Boletes is common in woodlands and meadows of southern Louisiana. It cap is smooth and tan to light brown popping up any time after August. Boletes is identified by absence of gills. Instead it looks spongy and cellular. Some YouTube videos report that if meat turns blue it is not edible. I’ve eaten Boletes of this type found locally, cooked of course, to no ill effect. This one found in a dry ditch in Mandeville along the “rails to trails” St Tammany Trace. It was very fresh and flesh did not turn blue. For this fellow it was 1 hour from trail to omelette.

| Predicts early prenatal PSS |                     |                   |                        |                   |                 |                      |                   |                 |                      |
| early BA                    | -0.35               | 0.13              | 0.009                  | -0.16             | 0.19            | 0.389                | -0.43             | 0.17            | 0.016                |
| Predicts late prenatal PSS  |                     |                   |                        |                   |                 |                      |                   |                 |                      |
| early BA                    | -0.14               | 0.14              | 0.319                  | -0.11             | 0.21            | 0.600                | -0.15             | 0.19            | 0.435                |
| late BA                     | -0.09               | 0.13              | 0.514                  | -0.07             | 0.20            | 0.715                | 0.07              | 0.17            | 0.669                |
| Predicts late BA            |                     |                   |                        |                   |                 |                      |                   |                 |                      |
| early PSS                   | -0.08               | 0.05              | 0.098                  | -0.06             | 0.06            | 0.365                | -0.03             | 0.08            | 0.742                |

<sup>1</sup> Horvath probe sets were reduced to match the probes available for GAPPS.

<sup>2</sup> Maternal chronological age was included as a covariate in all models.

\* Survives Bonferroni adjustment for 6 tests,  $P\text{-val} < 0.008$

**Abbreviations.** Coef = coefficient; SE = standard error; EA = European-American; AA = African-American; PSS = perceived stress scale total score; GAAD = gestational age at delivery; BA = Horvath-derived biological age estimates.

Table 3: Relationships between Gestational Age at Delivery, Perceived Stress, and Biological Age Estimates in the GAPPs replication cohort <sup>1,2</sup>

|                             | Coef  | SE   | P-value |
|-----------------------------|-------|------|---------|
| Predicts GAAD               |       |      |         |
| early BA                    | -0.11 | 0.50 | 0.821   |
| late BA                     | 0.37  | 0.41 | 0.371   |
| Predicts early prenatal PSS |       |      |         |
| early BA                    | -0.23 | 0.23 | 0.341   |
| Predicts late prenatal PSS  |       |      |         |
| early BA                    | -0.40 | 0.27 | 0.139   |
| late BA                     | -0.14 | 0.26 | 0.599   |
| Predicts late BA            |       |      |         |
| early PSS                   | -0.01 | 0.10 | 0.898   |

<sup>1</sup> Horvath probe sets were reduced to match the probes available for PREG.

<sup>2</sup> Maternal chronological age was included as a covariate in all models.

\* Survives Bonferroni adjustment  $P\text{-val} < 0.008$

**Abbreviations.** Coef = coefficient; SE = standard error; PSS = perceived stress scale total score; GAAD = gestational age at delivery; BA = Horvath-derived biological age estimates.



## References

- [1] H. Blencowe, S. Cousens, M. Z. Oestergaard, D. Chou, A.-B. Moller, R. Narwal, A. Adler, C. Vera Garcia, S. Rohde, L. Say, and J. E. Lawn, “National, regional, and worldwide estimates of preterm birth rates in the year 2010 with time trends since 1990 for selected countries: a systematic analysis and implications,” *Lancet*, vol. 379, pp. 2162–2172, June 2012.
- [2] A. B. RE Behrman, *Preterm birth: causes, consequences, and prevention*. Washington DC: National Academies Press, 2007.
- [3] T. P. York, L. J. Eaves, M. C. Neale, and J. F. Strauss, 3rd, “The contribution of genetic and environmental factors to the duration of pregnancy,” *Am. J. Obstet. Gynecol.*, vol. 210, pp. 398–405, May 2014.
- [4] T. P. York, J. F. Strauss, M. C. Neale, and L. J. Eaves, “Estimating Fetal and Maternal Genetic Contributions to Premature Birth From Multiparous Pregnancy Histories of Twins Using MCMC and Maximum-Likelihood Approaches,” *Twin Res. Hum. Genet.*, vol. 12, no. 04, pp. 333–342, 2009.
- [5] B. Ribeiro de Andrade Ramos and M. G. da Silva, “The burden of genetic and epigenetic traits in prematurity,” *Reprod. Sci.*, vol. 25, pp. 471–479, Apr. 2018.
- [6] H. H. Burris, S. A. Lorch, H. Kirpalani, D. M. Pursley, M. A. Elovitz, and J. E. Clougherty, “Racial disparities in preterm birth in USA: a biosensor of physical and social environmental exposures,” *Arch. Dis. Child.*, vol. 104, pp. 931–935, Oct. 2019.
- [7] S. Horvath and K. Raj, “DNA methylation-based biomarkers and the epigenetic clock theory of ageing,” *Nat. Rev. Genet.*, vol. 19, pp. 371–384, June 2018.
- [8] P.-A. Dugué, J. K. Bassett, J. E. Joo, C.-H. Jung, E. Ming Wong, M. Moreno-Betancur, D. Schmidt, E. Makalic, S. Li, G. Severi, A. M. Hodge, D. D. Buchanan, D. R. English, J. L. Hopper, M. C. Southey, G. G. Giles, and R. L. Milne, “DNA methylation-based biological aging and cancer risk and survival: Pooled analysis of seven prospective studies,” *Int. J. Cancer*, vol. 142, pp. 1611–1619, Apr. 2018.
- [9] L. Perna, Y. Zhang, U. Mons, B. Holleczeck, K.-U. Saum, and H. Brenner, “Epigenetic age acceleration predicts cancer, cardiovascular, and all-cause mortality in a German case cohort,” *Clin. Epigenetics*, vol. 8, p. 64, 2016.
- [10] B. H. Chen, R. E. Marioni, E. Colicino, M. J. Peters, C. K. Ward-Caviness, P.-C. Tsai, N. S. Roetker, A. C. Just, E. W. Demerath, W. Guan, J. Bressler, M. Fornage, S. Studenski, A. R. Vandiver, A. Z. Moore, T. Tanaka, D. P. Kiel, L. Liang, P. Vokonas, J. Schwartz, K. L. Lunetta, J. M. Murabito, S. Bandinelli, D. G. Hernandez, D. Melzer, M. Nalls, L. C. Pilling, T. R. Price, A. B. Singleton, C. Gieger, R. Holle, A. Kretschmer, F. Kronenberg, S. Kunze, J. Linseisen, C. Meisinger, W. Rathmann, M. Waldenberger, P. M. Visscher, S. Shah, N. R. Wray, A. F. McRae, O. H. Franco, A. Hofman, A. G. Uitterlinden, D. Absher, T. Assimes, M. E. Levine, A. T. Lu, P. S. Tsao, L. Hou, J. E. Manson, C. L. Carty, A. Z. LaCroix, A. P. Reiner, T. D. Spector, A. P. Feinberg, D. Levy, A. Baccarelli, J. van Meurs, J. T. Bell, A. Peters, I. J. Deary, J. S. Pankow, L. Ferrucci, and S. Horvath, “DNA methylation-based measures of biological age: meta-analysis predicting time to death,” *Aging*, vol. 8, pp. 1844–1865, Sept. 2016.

I found these parasols early Sept in Sunset Park, Mandeville; a local public area that is not a state park. These dessert-plate-sized beauties were in large fairy rings. I researched edibility and seemed good to go. Discarded stems, cut caps into large pieces, mixed liberally with Vidalia onion rings, fresh crushed garlic, tablespoon of fresh ground peppercorns and tablespoon of Mrs Dash. Aroma and taste wonderful. Woke up alive.